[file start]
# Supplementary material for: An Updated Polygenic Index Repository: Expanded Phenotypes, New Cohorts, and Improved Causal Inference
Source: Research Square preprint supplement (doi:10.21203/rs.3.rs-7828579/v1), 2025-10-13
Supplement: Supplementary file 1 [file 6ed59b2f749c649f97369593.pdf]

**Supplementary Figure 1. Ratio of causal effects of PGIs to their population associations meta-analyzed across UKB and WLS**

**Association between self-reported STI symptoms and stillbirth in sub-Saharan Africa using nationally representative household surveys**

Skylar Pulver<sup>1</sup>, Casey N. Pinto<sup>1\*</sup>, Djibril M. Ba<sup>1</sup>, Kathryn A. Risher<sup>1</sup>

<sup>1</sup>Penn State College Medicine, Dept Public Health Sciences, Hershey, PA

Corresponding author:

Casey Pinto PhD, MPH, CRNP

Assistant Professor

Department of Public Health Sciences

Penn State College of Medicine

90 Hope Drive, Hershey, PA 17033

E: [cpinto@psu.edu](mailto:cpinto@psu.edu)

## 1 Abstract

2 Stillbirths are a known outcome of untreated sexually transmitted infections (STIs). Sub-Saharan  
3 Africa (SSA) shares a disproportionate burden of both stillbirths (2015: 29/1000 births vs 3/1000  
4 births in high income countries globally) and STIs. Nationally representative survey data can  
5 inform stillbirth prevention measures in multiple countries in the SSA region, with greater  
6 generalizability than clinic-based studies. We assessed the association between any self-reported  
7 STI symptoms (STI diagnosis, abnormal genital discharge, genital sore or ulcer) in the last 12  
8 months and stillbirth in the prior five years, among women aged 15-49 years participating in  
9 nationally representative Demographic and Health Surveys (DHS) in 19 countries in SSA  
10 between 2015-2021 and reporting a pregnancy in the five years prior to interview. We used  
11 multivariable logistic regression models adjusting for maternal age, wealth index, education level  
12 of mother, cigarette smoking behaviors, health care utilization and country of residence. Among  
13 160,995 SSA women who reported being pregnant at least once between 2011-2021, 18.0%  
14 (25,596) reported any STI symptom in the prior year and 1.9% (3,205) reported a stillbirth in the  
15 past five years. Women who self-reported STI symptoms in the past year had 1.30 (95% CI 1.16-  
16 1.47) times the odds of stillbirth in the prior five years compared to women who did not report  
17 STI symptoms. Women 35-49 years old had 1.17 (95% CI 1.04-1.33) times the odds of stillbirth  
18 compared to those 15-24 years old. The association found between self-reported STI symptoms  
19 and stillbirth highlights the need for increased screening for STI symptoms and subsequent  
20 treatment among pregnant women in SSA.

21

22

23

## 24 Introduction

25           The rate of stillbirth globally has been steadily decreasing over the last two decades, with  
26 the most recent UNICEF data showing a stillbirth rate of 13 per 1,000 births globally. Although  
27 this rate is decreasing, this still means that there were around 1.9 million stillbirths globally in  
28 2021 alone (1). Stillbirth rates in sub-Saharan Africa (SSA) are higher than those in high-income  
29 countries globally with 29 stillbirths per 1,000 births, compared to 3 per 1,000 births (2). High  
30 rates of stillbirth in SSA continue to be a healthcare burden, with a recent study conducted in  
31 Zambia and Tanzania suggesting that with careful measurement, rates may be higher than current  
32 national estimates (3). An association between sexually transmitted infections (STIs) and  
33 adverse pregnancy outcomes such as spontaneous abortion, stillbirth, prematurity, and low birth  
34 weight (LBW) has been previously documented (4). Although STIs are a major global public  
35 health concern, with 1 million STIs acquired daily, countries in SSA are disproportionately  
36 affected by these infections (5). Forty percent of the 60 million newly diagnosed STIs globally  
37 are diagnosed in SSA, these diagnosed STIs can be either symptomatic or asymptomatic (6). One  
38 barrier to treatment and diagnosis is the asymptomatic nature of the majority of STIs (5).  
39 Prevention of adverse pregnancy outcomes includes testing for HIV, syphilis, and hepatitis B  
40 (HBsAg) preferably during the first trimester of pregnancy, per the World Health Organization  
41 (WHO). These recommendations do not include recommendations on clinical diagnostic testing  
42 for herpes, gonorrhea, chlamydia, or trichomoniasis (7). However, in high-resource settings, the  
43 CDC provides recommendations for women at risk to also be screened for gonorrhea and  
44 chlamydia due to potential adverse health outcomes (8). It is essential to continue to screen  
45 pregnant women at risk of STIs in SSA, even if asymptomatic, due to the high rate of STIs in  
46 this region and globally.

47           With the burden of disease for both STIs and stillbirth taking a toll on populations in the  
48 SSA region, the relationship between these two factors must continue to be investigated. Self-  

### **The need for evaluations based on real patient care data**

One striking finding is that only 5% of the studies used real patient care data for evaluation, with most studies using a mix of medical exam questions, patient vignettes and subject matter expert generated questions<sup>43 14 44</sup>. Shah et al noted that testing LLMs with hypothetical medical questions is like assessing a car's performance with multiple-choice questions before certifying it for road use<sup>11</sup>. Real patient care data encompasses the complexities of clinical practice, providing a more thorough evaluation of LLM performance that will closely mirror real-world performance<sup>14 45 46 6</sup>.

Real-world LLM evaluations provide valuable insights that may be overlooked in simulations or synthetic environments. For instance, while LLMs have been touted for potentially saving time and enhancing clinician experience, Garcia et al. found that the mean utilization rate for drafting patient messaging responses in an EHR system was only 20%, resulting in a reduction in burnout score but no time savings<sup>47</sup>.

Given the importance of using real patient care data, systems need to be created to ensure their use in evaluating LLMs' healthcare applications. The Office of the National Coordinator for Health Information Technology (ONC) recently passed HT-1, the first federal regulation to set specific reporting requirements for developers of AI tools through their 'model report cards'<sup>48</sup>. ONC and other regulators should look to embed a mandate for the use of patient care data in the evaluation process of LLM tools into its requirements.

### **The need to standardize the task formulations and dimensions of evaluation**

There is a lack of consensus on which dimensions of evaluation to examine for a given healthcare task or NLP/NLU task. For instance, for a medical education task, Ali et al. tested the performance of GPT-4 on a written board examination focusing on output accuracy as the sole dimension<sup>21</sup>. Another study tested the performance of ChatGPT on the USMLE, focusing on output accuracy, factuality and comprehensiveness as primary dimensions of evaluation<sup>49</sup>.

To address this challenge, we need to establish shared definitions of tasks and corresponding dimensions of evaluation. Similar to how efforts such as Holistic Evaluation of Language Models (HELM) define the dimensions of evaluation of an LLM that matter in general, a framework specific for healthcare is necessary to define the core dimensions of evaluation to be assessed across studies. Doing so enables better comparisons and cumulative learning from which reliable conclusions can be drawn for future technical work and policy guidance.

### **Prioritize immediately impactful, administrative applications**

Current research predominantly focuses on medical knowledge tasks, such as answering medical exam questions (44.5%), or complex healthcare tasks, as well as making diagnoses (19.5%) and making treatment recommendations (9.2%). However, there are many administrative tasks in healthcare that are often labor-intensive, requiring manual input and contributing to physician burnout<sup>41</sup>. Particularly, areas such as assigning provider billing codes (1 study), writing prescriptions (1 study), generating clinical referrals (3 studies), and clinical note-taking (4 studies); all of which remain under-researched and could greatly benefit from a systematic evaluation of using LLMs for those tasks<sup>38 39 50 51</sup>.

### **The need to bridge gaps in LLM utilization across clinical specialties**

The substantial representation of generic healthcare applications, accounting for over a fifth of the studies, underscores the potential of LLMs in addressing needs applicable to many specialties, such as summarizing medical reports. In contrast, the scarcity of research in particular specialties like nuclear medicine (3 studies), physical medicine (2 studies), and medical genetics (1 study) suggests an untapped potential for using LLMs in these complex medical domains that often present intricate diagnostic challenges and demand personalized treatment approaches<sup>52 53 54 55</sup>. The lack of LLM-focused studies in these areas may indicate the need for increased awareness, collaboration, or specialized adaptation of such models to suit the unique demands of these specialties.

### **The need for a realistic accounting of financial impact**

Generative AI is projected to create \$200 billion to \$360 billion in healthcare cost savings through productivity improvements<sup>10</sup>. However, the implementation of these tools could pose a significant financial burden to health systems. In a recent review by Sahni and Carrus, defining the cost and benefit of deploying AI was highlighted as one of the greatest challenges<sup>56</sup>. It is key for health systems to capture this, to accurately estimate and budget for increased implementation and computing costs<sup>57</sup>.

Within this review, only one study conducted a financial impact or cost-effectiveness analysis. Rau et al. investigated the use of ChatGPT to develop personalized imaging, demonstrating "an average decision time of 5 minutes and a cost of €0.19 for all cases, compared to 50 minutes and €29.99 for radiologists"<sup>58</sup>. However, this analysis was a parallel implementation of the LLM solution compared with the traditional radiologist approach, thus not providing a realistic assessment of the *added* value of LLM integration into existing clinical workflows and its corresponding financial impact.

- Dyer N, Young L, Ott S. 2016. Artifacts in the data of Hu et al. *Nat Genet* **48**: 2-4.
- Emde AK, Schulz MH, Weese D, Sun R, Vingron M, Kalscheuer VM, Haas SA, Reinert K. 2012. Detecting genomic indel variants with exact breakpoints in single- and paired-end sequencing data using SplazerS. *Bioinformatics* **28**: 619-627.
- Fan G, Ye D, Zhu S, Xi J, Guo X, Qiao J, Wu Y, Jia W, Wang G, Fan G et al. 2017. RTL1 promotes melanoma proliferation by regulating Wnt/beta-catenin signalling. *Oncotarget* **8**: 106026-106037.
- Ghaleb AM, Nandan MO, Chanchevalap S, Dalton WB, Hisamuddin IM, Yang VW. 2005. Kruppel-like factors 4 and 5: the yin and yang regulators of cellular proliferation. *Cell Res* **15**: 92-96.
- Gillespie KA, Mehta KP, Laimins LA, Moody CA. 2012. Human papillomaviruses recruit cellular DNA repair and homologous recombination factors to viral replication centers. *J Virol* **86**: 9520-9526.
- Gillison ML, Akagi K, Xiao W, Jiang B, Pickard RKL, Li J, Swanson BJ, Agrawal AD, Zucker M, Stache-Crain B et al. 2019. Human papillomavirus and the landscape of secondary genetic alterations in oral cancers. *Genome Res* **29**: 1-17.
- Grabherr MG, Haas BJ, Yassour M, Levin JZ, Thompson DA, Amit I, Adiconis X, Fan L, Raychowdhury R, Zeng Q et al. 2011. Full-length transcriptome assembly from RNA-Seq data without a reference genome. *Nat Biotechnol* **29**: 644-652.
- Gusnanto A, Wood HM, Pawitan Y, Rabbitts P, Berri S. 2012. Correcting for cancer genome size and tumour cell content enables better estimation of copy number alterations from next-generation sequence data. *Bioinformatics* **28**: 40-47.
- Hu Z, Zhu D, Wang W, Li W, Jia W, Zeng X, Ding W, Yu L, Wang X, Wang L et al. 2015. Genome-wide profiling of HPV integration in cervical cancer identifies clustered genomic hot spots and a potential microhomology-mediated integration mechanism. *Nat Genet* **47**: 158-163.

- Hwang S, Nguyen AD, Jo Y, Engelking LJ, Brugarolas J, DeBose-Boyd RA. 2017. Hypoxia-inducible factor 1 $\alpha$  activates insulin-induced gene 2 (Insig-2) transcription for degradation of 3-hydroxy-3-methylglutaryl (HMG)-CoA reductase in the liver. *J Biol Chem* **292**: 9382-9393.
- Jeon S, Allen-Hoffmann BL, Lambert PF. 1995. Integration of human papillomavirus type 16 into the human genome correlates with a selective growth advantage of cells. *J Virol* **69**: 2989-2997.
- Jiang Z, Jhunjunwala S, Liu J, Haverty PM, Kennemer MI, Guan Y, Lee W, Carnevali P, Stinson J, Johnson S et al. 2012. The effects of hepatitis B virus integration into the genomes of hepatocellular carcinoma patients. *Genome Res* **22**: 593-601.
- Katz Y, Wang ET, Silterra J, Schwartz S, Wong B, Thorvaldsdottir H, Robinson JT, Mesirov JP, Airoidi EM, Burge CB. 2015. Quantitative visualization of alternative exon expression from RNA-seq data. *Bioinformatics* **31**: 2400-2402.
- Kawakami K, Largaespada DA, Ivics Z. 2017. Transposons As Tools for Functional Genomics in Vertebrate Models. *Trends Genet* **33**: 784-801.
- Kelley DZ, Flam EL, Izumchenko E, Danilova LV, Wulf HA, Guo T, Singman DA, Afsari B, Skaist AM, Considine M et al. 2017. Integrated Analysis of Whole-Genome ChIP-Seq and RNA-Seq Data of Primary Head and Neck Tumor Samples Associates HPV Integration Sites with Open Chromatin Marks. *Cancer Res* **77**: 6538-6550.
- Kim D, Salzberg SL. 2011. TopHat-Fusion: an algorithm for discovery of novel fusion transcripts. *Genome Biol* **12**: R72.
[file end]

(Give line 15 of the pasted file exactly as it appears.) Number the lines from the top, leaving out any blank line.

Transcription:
## 1 Abstract